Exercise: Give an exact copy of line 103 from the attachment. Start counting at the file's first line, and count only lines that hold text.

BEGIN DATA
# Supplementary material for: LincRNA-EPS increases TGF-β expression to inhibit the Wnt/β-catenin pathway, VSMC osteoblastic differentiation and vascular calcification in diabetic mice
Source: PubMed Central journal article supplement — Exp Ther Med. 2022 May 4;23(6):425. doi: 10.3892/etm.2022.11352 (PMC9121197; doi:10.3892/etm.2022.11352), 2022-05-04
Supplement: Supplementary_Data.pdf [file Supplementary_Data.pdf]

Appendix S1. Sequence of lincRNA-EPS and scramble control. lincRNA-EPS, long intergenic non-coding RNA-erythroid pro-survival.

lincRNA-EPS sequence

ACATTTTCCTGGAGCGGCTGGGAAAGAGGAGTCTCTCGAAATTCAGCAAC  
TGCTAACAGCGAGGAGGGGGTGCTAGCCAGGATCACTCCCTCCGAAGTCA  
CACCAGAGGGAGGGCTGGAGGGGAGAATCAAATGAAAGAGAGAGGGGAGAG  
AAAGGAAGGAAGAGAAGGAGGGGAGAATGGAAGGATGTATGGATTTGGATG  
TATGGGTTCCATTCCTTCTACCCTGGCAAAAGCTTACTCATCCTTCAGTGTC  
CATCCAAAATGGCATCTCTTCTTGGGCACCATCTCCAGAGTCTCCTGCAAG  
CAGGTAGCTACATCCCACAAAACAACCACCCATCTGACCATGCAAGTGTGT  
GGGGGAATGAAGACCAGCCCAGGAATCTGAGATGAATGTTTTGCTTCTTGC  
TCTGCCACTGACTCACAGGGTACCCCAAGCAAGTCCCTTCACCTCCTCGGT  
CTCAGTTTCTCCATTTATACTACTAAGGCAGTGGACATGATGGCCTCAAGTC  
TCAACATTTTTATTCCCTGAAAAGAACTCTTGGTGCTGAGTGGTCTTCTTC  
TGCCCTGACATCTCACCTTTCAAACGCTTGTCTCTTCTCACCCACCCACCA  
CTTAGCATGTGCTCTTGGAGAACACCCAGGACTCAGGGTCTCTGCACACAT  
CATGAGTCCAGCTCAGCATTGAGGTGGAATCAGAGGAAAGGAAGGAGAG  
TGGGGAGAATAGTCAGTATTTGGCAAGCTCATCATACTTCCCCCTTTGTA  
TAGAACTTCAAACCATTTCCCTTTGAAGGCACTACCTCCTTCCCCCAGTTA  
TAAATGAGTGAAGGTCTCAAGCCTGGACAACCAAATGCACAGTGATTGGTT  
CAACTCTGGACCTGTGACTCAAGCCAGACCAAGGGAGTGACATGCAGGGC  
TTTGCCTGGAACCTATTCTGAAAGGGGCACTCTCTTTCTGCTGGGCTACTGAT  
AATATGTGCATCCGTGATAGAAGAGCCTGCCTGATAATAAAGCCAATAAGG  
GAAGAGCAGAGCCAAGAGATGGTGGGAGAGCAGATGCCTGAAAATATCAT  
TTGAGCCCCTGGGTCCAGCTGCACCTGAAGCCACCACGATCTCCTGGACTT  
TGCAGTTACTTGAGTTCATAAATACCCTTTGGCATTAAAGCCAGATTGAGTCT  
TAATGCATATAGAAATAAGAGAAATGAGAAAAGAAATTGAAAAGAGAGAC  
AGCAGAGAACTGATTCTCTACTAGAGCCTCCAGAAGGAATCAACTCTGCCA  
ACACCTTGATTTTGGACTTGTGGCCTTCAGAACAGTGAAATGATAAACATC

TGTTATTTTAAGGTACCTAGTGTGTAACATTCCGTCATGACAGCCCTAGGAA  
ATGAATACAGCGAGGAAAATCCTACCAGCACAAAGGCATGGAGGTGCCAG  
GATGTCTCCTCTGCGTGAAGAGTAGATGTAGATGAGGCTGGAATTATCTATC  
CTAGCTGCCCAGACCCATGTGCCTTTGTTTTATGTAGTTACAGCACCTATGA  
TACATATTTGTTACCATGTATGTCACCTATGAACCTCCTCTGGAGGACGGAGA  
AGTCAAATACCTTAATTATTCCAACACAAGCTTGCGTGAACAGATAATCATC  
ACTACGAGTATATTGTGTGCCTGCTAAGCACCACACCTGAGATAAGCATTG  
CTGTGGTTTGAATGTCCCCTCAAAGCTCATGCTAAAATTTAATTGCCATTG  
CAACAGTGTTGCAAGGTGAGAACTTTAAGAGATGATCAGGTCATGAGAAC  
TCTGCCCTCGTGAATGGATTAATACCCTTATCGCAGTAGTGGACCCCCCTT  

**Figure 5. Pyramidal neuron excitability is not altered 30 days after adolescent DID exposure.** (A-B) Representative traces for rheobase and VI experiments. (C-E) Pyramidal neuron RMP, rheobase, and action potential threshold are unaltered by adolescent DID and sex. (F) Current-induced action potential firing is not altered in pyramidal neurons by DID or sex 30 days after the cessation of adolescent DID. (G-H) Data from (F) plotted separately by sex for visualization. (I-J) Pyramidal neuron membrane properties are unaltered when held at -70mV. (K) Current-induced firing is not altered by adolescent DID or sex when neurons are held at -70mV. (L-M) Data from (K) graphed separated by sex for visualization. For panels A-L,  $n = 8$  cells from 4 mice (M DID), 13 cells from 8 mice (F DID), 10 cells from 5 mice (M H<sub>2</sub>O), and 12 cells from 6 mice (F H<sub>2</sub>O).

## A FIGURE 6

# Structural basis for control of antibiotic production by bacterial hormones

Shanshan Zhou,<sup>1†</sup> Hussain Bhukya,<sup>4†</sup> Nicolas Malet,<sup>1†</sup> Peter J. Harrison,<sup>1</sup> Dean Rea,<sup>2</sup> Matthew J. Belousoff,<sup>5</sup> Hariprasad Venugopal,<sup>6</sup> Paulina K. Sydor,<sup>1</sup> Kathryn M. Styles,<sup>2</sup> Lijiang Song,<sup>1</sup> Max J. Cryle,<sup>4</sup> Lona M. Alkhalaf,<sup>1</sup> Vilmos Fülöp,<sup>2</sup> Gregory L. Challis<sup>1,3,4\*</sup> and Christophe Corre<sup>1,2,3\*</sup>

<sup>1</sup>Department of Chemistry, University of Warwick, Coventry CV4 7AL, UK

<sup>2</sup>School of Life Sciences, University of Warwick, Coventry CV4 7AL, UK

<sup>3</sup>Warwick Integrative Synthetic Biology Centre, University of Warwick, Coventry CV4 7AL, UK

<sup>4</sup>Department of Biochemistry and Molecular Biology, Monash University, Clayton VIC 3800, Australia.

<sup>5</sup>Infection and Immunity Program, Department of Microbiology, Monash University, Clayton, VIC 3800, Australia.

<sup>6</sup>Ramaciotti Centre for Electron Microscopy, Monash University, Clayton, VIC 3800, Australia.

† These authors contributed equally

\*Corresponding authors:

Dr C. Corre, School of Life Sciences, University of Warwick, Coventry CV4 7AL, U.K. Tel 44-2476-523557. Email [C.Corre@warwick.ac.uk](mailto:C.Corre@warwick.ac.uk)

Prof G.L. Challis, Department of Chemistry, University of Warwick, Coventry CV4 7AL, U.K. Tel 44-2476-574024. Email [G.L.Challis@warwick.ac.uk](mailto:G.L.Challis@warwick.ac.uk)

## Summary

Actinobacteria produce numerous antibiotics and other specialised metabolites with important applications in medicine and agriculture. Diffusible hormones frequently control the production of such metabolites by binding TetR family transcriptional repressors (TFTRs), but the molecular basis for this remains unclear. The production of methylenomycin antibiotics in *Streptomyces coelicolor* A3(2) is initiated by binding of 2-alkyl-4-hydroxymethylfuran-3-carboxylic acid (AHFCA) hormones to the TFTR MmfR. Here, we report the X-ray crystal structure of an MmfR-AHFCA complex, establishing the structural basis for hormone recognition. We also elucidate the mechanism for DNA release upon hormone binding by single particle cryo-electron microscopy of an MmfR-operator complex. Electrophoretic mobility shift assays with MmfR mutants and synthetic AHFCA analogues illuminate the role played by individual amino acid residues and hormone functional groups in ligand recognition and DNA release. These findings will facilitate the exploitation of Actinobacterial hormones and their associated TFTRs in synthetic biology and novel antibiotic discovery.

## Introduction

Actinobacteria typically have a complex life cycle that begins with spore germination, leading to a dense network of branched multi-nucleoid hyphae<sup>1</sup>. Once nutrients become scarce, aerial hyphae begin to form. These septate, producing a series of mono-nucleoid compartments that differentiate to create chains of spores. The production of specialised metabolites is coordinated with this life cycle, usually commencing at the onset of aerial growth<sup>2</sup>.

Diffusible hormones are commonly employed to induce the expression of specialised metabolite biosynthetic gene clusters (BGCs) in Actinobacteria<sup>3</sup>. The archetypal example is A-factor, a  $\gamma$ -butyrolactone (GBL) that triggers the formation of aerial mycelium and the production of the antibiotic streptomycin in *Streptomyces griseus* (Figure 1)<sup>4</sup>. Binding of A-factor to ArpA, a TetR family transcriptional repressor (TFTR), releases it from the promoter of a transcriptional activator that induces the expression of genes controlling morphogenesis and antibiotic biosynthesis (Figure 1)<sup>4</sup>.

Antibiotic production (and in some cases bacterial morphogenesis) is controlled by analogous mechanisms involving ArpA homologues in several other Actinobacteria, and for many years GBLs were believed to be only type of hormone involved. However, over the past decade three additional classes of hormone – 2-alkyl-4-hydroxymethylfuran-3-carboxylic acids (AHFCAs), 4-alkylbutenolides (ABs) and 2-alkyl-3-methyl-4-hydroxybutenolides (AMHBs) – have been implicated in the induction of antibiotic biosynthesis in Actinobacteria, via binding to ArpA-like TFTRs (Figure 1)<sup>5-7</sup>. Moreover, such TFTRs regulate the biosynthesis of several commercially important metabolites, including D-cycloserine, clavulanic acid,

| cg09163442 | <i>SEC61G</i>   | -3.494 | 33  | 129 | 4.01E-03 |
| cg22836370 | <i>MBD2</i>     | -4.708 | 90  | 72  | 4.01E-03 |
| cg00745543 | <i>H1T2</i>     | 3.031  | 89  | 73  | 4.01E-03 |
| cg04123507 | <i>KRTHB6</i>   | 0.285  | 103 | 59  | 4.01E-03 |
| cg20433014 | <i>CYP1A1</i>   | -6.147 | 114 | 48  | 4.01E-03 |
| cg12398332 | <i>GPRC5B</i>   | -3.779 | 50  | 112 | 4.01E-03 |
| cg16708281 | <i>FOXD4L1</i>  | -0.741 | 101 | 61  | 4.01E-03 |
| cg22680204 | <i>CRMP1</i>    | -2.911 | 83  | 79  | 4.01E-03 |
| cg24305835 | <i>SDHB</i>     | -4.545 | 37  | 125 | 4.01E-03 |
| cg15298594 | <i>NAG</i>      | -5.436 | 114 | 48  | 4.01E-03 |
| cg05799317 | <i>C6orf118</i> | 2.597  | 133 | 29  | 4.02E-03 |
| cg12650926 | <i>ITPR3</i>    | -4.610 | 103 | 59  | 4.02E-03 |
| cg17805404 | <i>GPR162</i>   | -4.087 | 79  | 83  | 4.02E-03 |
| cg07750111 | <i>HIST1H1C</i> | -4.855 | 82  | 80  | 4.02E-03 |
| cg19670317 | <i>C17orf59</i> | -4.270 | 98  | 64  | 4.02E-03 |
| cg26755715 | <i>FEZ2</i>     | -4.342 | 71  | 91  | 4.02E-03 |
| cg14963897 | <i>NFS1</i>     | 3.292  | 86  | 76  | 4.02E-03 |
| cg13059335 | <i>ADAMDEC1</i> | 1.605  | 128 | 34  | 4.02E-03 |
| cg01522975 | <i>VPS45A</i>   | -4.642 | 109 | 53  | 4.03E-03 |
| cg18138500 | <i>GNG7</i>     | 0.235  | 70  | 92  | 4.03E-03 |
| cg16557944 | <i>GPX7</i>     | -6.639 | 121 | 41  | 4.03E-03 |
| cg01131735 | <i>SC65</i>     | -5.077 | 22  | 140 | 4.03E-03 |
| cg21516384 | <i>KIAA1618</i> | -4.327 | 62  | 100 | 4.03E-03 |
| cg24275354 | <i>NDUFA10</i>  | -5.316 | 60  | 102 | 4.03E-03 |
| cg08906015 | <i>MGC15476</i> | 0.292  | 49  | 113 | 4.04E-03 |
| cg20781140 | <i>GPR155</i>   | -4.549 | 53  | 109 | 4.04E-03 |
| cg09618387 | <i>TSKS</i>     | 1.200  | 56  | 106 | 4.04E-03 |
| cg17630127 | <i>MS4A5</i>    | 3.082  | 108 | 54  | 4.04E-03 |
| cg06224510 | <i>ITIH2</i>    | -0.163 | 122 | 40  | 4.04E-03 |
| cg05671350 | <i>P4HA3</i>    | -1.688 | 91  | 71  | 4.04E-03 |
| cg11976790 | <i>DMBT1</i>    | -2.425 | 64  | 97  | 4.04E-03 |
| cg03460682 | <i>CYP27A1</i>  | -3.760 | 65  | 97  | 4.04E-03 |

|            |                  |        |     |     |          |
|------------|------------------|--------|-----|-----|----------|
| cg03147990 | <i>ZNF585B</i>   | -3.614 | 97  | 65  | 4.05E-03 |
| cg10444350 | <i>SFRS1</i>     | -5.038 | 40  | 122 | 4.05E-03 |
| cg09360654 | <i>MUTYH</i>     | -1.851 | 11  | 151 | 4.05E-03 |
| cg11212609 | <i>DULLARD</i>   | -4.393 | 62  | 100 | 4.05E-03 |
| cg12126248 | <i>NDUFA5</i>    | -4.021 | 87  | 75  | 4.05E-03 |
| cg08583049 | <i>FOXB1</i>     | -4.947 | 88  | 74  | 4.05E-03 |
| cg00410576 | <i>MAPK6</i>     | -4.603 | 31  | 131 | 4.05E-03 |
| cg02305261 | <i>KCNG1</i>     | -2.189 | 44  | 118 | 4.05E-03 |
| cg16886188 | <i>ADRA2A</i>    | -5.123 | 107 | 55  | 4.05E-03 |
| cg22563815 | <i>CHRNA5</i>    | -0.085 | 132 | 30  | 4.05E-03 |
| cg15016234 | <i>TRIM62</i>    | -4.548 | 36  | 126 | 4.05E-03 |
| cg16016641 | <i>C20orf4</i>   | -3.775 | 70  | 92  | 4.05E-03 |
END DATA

| cg02305261 | <i>KCNG1</i>     | -2.189 | 44  | 118 | 4.05E-03 |